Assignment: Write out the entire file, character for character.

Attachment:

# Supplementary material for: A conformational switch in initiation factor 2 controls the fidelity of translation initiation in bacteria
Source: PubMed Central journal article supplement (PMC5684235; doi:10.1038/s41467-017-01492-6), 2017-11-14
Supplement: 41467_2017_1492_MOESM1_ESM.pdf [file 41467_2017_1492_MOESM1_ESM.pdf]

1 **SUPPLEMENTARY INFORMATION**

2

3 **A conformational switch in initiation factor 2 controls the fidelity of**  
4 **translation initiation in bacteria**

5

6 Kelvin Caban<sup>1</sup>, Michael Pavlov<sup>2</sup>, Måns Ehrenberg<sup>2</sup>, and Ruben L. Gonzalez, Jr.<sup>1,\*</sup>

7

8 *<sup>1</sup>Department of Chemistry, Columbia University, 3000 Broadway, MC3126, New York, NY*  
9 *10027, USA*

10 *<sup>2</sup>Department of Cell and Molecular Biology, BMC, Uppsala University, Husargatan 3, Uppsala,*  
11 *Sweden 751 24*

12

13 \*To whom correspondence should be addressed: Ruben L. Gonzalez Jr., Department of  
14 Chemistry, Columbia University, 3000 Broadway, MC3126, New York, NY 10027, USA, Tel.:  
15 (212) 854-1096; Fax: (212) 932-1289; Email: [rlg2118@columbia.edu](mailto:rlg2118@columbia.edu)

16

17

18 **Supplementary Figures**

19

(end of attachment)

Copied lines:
# Supplementary material for: A conformational switch in initiation factor 2 controls the fidelity of translation initiation in bacteria
Source: PubMed Central journal article supplement (PMC5684235; doi:10.1038/s41467-017-01492-6), 2017-11-14
Supplement: 41467_2017_1492_MOESM1_ESM.pdf [file 41467_2017_1492_MOESM1_ESM.pdf]

1 **SUPPLEMENTARY INFORMATION**

2

3 **A conformational switch in initiation factor 2 controls the fidelity of**  
4 **translation initiation in bacteria**

5

6 Kelvin Caban<sup>1</sup>, Michael Pavlov<sup>2</sup>, Måns Ehrenberg<sup>2</sup>, and Ruben L. Gonzalez, Jr.<sup>1,\*</sup>

7

8 *<sup>1</sup>Department of Chemistry, Columbia University, 3000 Broadway, MC3126, New York, NY*  
9 *10027, USA*

10 *<sup>2</sup>Department of Cell and Molecular Biology, BMC, Uppsala University, Husargatan 3, Uppsala,*  
11 *Sweden 751 24*

12

13 \*To whom correspondence should be addressed: Ruben L. Gonzalez Jr., Department of  
14 Chemistry, Columbia University, 3000 Broadway, MC3126, New York, NY 10027, USA, Tel.:  
15 (212) 854-1096; Fax: (212) 932-1289; Email: [rlg2118@columbia.edu](mailto:rlg2118@columbia.edu)

16

17

18 **Supplementary Figures**

19